Lets say neurosurgery really is in the cards for you. There have been many neurosurgeons before you and there will be many after you, and surely you are not the first, nor will you be the last to feel that neurosurgery is 'unattainable' or 'challenging'. So take a deep breath and relax.

Just do your best in school, and if you really want to do neurosurgery, go for it!
Good luck!
 

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hans19 said:
Nope any ******* can can do neurosurgery. :idea:

Dude come on, what do you think?!? :confused:
Its a highly self-selective group. Those who like the field and that can handle it intellectual and physical rigors will chose to enter the field. I think that applies to any highly competitive field.

Unattainable?!? Lets put things in perspective.

You sound like a first year student. If this is the case, only one semesters worth of your grades is set in stone. At this point, if you are near the top of the class than neurosurgery is certainly within the realm of possibilities as are derm, plastics and any other competitive field. If you find yourself getting straight A's or Honors, may be you do have at least the book smarts to get into a neurosurgery residency, if thats what you want. If you are of above average intelligence, hardworking and don't have any major physical disabilities why does neurosurgery sound so out of reach to you?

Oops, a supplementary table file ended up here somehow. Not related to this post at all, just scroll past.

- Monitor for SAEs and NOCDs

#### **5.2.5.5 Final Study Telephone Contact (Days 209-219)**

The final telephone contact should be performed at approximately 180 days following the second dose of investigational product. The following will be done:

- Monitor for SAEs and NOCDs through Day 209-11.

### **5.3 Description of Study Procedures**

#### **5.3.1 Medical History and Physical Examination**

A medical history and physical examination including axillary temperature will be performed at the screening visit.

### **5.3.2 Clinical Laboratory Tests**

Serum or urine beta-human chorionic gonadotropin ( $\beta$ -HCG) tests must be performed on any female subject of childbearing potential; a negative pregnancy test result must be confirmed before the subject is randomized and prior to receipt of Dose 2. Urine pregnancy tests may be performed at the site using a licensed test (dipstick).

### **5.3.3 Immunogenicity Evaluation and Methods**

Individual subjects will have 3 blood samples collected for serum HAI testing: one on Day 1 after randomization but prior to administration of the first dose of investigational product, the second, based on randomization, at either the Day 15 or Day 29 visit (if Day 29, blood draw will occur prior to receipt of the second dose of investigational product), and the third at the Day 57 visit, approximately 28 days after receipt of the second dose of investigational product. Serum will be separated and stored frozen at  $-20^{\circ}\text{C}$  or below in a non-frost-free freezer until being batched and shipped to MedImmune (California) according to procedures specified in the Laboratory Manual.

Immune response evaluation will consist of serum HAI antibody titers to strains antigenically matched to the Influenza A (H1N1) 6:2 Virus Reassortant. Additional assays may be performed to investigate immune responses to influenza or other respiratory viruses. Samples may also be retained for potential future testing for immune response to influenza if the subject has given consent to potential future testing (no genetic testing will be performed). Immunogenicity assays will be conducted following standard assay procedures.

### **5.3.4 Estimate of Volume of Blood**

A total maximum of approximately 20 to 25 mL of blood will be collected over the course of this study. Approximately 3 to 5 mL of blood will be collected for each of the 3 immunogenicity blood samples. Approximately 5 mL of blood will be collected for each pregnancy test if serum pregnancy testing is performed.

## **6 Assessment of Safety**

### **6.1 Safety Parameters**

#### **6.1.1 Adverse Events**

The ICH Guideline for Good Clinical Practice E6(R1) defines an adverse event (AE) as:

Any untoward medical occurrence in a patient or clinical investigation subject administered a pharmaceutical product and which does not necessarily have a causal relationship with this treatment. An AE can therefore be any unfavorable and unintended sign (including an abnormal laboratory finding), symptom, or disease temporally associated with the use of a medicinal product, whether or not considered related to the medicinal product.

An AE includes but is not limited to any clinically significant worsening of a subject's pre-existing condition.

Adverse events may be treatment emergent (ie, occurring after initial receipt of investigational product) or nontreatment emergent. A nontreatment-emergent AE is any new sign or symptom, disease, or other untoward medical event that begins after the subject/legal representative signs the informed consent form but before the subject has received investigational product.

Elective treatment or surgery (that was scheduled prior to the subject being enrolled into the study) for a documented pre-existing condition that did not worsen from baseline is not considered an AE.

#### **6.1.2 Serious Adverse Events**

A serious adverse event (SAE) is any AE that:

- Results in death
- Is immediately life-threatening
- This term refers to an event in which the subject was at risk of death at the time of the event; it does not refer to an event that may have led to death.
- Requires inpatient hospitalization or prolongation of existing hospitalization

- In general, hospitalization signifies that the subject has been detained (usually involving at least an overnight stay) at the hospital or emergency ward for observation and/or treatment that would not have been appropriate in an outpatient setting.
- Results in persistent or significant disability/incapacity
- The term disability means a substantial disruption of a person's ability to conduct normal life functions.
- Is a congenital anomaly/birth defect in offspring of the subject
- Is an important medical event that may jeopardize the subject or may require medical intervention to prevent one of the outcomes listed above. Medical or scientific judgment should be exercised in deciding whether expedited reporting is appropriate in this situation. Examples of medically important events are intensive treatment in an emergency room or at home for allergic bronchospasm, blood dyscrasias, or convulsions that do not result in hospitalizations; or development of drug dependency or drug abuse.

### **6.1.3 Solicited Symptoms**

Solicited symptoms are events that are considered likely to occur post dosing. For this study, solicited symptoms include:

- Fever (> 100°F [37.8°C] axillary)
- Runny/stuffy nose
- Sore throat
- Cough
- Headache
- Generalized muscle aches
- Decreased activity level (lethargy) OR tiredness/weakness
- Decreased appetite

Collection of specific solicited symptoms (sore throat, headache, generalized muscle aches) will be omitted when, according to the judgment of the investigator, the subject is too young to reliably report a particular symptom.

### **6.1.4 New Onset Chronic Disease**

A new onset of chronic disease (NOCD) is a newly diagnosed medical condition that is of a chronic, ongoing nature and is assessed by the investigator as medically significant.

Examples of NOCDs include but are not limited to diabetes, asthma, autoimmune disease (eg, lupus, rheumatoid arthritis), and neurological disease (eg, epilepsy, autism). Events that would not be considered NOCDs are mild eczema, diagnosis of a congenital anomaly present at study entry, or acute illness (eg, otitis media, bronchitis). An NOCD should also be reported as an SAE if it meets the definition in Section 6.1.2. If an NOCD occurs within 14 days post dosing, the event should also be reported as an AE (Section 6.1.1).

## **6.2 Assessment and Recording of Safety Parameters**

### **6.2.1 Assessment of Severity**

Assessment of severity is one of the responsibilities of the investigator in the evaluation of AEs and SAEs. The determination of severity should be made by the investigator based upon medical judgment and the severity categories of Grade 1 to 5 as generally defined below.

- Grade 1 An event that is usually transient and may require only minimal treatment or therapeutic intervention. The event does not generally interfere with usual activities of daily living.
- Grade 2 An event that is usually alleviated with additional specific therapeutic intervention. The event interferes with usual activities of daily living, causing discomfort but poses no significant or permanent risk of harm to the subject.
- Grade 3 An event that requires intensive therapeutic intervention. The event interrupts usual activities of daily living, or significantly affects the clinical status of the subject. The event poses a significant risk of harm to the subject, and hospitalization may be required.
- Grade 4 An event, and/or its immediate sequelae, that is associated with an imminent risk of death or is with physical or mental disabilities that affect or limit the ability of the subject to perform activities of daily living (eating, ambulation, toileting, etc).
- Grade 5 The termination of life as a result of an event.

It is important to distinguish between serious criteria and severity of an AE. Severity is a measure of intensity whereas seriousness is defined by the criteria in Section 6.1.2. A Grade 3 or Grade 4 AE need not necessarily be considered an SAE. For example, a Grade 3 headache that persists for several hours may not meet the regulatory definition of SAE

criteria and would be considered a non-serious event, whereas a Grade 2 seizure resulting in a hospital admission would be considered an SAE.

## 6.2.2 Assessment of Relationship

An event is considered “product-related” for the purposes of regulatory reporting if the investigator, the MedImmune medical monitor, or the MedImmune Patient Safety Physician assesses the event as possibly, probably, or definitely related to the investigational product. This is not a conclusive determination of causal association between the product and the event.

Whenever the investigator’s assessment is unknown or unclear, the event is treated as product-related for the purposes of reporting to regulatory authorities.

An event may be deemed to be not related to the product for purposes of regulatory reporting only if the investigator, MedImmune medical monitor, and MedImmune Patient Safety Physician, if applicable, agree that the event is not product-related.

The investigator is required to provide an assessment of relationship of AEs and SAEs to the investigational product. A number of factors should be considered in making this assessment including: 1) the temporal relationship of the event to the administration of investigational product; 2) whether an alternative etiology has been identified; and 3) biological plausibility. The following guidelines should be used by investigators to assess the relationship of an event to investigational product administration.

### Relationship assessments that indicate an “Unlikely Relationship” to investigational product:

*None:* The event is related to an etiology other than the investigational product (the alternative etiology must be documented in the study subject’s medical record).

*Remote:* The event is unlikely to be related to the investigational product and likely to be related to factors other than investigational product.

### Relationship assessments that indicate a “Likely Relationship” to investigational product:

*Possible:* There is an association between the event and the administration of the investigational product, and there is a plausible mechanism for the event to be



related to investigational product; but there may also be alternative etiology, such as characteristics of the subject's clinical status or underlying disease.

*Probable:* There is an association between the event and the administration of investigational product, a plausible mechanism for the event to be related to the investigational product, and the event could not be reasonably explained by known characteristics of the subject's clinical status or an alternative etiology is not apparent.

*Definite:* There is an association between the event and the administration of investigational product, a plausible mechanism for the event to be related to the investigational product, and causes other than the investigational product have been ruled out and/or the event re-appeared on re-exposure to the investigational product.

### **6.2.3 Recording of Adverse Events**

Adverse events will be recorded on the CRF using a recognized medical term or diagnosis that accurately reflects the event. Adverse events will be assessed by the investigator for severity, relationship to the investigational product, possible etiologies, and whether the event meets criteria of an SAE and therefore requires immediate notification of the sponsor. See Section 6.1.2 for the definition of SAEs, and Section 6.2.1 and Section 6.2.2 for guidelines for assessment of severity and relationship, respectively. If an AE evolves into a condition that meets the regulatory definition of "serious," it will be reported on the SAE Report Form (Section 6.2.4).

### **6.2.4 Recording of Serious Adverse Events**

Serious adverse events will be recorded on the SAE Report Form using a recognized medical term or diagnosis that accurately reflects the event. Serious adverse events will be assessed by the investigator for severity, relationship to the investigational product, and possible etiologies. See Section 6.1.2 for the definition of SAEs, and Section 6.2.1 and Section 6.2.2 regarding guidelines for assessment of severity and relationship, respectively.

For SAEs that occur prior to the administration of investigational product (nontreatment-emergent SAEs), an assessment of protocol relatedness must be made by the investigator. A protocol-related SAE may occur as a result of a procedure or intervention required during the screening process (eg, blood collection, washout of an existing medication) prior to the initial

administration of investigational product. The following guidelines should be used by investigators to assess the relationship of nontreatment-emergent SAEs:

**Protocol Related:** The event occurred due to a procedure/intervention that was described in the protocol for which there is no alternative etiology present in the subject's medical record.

Lets say neurosurgery really is in the cards for you. There have been many neurosurgeons before you and there will be many after you, and surely you are not the first, nor will you be the last to feel that neurosurgery is 'unattainable' or 'challenging'. So take a deep breath and relax.

Just do your best in school, and if you really want to do neurosurgery, go for it!
Good luck![/QUOTE

I agree that one cannot be stupid and be a neurosurgeon. However, one does not need "exceptional" intellect to function as a competant neurosurgeon. Anyone that does well in medical school, has average to above average intelligence, willing to make extreme sacrifices, work hard, and basically put his work ahead of himself and his family can be a neurosurgeon IMHO